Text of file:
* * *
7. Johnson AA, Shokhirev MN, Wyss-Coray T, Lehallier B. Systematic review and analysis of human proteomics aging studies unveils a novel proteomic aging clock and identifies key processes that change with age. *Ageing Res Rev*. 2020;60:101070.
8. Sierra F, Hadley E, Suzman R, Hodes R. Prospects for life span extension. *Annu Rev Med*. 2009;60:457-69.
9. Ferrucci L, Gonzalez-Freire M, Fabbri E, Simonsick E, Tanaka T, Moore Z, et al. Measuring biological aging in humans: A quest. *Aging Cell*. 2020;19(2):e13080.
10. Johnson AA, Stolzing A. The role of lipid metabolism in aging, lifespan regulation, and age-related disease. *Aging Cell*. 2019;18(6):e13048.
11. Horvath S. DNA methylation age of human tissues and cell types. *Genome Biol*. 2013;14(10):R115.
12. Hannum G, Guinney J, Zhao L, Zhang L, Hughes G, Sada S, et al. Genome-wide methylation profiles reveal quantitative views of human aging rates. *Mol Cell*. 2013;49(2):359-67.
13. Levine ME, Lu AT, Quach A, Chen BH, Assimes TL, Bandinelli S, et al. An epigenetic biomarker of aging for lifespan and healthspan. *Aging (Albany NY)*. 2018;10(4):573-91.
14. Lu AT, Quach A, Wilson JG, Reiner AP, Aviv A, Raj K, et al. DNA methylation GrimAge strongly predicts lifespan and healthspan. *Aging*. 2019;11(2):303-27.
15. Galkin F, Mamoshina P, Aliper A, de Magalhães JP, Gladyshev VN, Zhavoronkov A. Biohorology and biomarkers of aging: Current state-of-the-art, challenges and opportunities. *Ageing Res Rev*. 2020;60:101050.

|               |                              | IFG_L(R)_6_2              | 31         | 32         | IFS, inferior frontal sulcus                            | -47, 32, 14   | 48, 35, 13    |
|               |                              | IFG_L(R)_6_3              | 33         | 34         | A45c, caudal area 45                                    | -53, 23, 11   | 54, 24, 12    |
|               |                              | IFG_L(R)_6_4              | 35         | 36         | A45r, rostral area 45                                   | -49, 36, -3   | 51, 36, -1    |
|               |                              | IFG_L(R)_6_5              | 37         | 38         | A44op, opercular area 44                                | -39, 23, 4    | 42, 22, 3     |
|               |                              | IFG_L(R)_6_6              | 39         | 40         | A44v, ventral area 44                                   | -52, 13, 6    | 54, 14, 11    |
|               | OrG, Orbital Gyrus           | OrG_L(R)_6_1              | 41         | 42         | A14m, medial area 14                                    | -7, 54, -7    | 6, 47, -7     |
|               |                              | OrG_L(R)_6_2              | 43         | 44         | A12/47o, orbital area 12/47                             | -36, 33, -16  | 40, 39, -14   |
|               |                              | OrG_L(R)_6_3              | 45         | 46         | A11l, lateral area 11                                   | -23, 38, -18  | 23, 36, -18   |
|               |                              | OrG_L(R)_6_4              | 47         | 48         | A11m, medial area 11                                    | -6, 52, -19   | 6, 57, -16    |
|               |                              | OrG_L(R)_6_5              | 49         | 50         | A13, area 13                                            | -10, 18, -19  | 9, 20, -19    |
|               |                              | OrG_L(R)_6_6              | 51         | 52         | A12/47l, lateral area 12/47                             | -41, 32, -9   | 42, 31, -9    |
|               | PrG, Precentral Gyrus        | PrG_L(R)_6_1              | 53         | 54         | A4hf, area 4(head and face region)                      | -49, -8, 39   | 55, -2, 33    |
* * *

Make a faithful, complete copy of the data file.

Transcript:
7. Johnson AA, Shokhirev MN, Wyss-Coray T, Lehallier B. Systematic review and analysis of human proteomics aging studies unveils a novel proteomic aging clock and identifies key processes that change with age. *Ageing Res Rev*. 2020;60:101070.
8. Sierra F, Hadley E, Suzman R, Hodes R. Prospects for life span extension. *Annu Rev Med*. 2009;60:457-69.
9. Ferrucci L, Gonzalez-Freire M, Fabbri E, Simonsick E, Tanaka T, Moore Z, et al. Measuring biological aging in humans: A quest. *Aging Cell*. 2020;19(2):e13080.
10. Johnson AA, Stolzing A. The role of lipid metabolism in aging, lifespan regulation, and age-related disease. *Aging Cell*. 2019;18(6):e13048.
11. Horvath S. DNA methylation age of human tissues and cell types. *Genome Biol*. 2013;14(10):R115.
12. Hannum G, Guinney J, Zhao L, Zhang L, Hughes G, Sada S, et al. Genome-wide methylation profiles reveal quantitative views of human aging rates. *Mol Cell*. 2013;49(2):359-67.
13. Levine ME, Lu AT, Quach A, Chen BH, Assimes TL, Bandinelli S, et al. An epigenetic biomarker of aging for lifespan and healthspan. *Aging (Albany NY)*. 2018;10(4):573-91.
14. Lu AT, Quach A, Wilson JG, Reiner AP, Aviv A, Raj K, et al. DNA methylation GrimAge strongly predicts lifespan and healthspan. *Aging*. 2019;11(2):303-27.
15. Galkin F, Mamoshina P, Aliper A, de Magalhães JP, Gladyshev VN, Zhavoronkov A. Biohorology and biomarkers of aging: Current state-of-the-art, challenges and opportunities. *Ageing Res Rev*. 2020;60:101050.

|               |                              | IFG_L(R)_6_2              | 31         | 32         | IFS, inferior frontal sulcus                            | -47, 32, 14   | 48, 35, 13    |
|               |                              | IFG_L(R)_6_3              | 33         | 34         | A45c, caudal area 45                                    | -53, 23, 11   | 54, 24, 12    |
|               |                              | IFG_L(R)_6_4              | 35         | 36         | A45r, rostral area 45                                   | -49, 36, -3   | 51, 36, -1    |
|               |                              | IFG_L(R)_6_5              | 37         | 38         | A44op, opercular area 44                                | -39, 23, 4    | 42, 22, 3     |
|               |                              | IFG_L(R)_6_6              | 39         | 40         | A44v, ventral area 44                                   | -52, 13, 6    | 54, 14, 11    |
|               | OrG, Orbital Gyrus           | OrG_L(R)_6_1              | 41         | 42         | A14m, medial area 14                                    | -7, 54, -7    | 6, 47, -7     |
|               |                              | OrG_L(R)_6_2              | 43         | 44         | A12/47o, orbital area 12/47                             | -36, 33, -16  | 40, 39, -14   |
|               |                              | OrG_L(R)_6_3              | 45         | 46         | A11l, lateral area 11                                   | -23, 38, -18  | 23, 36, -18   |
|               |                              | OrG_L(R)_6_4              | 47         | 48         | A11m, medial area 11                                    | -6, 52, -19   | 6, 57, -16    |
|               |                              | OrG_L(R)_6_5              | 49         | 50         | A13, area 13                                            | -10, 18, -19  | 9, 20, -19    |
|               |                              | OrG_L(R)_6_6              | 51         | 52         | A12/47l, lateral area 12/47                             | -41, 32, -9   | 42, 31, -9    |
|               | PrG, Precentral Gyrus        | PrG_L(R)_6_1              | 53         | 54         | A4hf, area 4(head and face region)                      | -49, -8, 39   | 55, -2, 33    |